---------------------------------------------------------------------------

    \3\ WHO, Coronavirus disease 2019 (COVID-19) Weekly 
Epidemiological Update (Feb. 16, 2021), available at https://www.who.int/publications/m/item/weekly-epidemiological-update---16-february-2021.
    \4\ CDC, COVID Data Tracker (accessed Feb. 18, 2021), available 
at https://covid.cdc.gov/covid-data-tracker/.
    \5\ WHO, COVID-19 Weekly Epidemiological Update (Feb. 16, 2021).
    \6\ Id.
---------------------------------------------------------------------------

Notice of Action

    Given the outbreak and continued transmission and spread of COVID-
19 within the United States and globally, the Secretary has determined 
that the risk of continued transmission and spread of the virus 
associated with COVID-19 between the United States and Mexico poses an 
ongoing ``specific threat to human life or national interests.''
    U.S. and Mexican officials have mutually determined that non-
essential travel between the United States and Mexico poses additional 
risk of transmission and spread of the virus associated with COVID-19 
and places the populace of both nations at increased risk of 
contracting the virus associated with COVID-19. Moreover, given the 
sustained human-to-human transmission of the virus, returning to 
previous levels of travel between the two nations places the personnel 
staffing land ports of entry between the United States and Mexico, as 
well as the individuals traveling through these ports of entry, at 
increased risk of exposure to the virus associated with COVID-19. 
Accordingly, and consistent with the authority granted in 19 U.S.C. 
1318(b)(1)(C) and (b)(2),\7\ I have determined that land ports of entry 
along the U.S.-Mexico border will continue to suspend normal operations 
and will only allow processing for entry into the United States of 
those travelers engaged in ``essential travel,'' as defined below. 
Given the definition of ``essential travel'' below, this temporary 
alteration in land ports of entry operations should not interrupt 
legitimate trade between the two nations or disrupt critical supply 
chains that ensure food, fuel, medicine, and other critical materials 
reach individuals on both sides of the border.
---------------------------------------------------------------------------

    \7\ 19 U.S.C. 1318(b)(1)(C) provides that ``[n]otwithstanding 
any other provision of law, the Secretary of the Treasury, when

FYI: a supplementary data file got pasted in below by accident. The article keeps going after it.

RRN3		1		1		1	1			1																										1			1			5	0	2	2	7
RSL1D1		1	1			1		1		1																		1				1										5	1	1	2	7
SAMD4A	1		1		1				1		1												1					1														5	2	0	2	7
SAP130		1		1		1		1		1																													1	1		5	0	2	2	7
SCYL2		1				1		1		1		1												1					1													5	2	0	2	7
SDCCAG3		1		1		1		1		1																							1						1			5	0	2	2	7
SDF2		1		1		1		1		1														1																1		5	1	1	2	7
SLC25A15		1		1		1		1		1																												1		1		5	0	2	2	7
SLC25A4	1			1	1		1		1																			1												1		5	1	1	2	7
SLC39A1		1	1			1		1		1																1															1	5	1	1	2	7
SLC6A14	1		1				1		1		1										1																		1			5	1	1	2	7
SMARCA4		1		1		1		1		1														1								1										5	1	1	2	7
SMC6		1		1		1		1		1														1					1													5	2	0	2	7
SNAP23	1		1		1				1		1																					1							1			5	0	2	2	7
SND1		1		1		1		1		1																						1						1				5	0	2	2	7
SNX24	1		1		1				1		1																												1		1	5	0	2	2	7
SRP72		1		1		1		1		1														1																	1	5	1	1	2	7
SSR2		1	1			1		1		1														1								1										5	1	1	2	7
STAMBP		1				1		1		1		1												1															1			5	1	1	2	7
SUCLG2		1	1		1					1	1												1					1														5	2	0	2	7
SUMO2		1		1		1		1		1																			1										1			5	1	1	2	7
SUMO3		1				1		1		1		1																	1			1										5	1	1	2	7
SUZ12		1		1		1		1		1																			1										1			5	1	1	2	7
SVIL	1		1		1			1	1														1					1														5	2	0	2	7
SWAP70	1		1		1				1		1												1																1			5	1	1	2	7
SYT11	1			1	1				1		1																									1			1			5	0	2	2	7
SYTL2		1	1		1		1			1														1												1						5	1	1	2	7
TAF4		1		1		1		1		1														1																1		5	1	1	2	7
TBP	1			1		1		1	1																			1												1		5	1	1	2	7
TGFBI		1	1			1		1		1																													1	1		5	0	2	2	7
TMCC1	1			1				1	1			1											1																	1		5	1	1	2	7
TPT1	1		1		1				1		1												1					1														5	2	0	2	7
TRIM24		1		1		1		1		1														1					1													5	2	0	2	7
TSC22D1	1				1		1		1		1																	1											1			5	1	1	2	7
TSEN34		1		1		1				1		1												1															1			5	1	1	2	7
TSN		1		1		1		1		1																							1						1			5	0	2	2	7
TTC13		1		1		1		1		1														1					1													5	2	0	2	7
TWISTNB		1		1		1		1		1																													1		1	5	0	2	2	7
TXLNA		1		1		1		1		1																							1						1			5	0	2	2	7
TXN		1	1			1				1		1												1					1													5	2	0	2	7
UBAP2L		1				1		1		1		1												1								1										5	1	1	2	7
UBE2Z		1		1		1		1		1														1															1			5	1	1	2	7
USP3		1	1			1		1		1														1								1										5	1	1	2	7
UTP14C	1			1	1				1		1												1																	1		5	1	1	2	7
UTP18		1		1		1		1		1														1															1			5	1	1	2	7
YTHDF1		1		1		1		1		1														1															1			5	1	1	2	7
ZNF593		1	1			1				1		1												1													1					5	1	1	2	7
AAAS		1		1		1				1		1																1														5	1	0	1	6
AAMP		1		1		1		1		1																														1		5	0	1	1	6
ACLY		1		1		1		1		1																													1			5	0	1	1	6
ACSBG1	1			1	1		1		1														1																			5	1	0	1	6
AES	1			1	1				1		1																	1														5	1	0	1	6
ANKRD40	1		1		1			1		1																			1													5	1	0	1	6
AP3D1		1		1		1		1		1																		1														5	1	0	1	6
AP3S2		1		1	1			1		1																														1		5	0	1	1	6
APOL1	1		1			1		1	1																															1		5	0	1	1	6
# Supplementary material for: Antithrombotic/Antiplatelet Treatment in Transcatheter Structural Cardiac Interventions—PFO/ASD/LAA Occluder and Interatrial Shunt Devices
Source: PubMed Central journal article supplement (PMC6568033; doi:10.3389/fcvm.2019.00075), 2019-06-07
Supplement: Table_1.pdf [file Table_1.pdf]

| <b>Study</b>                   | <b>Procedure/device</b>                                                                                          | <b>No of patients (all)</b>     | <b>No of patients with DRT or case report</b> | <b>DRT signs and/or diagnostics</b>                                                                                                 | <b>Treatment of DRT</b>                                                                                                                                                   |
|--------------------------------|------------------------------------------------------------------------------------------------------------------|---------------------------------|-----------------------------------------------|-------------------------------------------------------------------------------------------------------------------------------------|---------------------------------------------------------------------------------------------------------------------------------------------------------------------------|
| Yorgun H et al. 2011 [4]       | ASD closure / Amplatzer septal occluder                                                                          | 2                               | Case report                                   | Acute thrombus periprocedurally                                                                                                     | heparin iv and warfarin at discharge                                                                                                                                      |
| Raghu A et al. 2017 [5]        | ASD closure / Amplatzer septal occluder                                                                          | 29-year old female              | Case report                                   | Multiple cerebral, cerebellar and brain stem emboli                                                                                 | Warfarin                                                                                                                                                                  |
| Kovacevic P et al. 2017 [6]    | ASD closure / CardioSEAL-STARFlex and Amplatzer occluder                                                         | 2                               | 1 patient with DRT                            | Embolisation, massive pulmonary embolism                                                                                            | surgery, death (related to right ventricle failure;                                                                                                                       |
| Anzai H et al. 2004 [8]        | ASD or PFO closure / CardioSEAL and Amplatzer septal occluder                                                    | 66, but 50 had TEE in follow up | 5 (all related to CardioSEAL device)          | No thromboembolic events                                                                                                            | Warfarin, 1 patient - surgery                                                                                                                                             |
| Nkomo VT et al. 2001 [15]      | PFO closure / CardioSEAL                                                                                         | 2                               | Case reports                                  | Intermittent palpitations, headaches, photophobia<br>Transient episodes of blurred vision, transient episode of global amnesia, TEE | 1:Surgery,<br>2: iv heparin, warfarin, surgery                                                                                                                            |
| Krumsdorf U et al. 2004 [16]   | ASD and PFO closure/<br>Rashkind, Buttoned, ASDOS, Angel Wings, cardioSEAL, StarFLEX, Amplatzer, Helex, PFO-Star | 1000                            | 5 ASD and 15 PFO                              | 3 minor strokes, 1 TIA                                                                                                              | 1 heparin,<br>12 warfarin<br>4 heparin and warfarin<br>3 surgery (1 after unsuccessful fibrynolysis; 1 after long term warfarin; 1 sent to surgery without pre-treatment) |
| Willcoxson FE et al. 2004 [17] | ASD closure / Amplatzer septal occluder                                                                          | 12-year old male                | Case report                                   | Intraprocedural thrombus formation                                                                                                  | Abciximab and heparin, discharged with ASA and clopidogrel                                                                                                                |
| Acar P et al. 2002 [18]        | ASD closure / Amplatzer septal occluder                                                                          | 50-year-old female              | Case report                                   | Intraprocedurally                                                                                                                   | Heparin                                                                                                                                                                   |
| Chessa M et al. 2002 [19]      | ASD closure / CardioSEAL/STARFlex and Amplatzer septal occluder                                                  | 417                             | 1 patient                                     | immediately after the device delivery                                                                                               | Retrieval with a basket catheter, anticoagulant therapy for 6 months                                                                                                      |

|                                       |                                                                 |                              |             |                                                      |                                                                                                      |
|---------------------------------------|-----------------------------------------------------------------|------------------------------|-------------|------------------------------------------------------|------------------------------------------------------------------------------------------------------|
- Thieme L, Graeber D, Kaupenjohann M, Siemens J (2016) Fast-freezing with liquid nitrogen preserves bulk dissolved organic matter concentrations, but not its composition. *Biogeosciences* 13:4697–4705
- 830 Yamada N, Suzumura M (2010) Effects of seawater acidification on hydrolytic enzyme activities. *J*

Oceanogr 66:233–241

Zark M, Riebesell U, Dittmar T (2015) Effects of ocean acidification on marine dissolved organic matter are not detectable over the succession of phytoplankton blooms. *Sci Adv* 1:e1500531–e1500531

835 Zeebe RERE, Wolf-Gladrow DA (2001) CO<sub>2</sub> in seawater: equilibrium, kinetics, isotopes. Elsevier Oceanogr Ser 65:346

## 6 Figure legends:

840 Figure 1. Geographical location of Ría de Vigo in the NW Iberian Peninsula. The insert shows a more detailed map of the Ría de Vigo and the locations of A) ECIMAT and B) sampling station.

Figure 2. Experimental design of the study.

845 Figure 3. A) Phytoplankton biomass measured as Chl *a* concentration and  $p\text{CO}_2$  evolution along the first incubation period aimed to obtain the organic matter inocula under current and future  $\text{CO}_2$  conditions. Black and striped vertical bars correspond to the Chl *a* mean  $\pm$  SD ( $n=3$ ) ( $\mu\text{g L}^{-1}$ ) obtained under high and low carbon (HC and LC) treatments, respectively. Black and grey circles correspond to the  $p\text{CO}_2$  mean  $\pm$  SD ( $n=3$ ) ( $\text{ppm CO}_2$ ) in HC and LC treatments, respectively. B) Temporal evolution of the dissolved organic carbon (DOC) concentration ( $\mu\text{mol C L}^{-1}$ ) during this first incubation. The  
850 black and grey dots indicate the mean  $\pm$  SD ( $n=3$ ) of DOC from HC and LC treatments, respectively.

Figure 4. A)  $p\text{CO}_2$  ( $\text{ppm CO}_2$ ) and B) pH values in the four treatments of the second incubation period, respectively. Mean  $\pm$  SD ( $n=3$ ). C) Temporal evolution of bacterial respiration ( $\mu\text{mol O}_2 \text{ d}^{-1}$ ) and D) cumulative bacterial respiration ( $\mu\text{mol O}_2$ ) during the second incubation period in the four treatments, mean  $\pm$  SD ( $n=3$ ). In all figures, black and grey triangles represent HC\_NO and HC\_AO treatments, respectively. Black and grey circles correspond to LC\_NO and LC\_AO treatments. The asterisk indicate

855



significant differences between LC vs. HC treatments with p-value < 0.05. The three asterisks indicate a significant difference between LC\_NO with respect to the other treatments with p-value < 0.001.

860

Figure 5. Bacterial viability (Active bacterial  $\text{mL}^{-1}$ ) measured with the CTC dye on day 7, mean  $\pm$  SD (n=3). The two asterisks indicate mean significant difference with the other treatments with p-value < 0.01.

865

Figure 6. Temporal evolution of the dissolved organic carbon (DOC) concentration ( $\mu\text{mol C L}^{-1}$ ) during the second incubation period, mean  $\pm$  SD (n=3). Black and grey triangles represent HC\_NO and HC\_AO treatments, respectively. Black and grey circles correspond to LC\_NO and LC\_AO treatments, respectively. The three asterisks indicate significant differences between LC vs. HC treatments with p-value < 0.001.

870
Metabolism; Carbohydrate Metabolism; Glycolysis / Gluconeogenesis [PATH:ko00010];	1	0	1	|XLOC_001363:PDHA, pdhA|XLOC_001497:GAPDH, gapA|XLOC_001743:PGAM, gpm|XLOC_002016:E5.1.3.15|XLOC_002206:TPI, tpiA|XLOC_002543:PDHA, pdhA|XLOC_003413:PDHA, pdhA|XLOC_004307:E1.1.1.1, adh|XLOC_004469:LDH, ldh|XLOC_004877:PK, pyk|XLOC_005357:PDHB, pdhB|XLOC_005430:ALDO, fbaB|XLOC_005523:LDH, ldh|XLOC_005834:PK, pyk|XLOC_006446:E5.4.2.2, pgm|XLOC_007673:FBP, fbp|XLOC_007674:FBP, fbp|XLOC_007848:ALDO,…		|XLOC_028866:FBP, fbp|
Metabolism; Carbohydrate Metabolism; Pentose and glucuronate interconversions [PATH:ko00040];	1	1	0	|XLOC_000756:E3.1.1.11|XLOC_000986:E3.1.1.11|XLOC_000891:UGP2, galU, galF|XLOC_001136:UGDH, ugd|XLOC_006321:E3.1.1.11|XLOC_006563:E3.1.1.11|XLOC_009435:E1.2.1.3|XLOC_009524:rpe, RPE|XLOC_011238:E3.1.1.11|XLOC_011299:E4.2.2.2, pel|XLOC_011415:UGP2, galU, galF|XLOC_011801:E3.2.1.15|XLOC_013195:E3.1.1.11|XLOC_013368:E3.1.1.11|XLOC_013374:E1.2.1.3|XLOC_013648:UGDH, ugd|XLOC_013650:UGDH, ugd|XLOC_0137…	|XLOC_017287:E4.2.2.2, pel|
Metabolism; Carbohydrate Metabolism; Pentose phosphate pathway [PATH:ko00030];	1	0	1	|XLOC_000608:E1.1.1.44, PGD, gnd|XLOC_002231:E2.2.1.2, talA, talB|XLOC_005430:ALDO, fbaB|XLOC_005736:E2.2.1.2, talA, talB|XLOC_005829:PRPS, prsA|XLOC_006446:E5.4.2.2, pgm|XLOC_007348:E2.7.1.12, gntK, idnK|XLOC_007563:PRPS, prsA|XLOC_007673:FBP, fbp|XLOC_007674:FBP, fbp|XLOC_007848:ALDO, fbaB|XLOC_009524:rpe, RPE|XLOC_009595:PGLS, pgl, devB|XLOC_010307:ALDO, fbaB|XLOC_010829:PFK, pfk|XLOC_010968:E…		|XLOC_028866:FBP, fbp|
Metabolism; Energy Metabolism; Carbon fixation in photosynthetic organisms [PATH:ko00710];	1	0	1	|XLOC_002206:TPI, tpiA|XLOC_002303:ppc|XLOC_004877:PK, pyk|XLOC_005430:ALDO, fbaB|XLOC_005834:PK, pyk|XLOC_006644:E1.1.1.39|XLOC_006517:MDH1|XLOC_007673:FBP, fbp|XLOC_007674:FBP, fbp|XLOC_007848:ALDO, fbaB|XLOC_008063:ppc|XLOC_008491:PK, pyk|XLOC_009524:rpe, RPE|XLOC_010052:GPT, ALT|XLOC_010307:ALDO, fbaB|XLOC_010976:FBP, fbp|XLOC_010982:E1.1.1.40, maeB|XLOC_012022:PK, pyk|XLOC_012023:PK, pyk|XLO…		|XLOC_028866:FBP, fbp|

necessary to respond to a national emergency declared under the 
National Emergencies Act (50 U.S.C. 1601 et seq.) or to a specific 
threat to human life or national interests,'' is authorized to 
``[t]ake any . . . action that may be necessary to respond directly 
to the national emergency or specific threat.'' On March 1, 2003, 
certain functions of the Secretary of the Treasury were transferred 
to the Secretary of Homeland Security. See 6 U.S.C. 202(2), 203(1). 
Under 6 U.S.C. 212(a)(1), authorities ``related to Customs revenue 
functions'' were reserved to the Secretary of the Treasury. To the 
extent that any authority under section 1318(b)(1) was reserved to 
the Secretary of the Treasury, it has been delegated to the 
Secretary of Homeland Security. See Treas. Dep't Order No. 100-16 
(May 15, 2003), 68 FR 28322 (May 23, 2003). Additionally, 19 U.S.C. 
1318(b)(2) provides that ``[n]otwithstanding any other provision of 
law, the Commissioner of U.S. Customs and Border Protection, when 
necessary to respond to a specific threat to human life or national 
interests, is authorized to close temporarily any Customs office or 
port of entry or take any other lesser action that may be necessary 
to respond to the specific threat.'' Congress has vested in the 
Secretary of Homeland Security the ``functions of all officers, 
employees, and organizational units of the Department,'' including 
the Commissioner of CBP. 6 U.S.C. 112(a)(3).
---------------------------------------------------------------------------

    For purposes of the temporary alteration in certain designated 
ports of entry operations authorized under 19 U.S.C. 1318(b)(1)(C) and 
(b)(2), travel through the land ports of entry and ferry terminals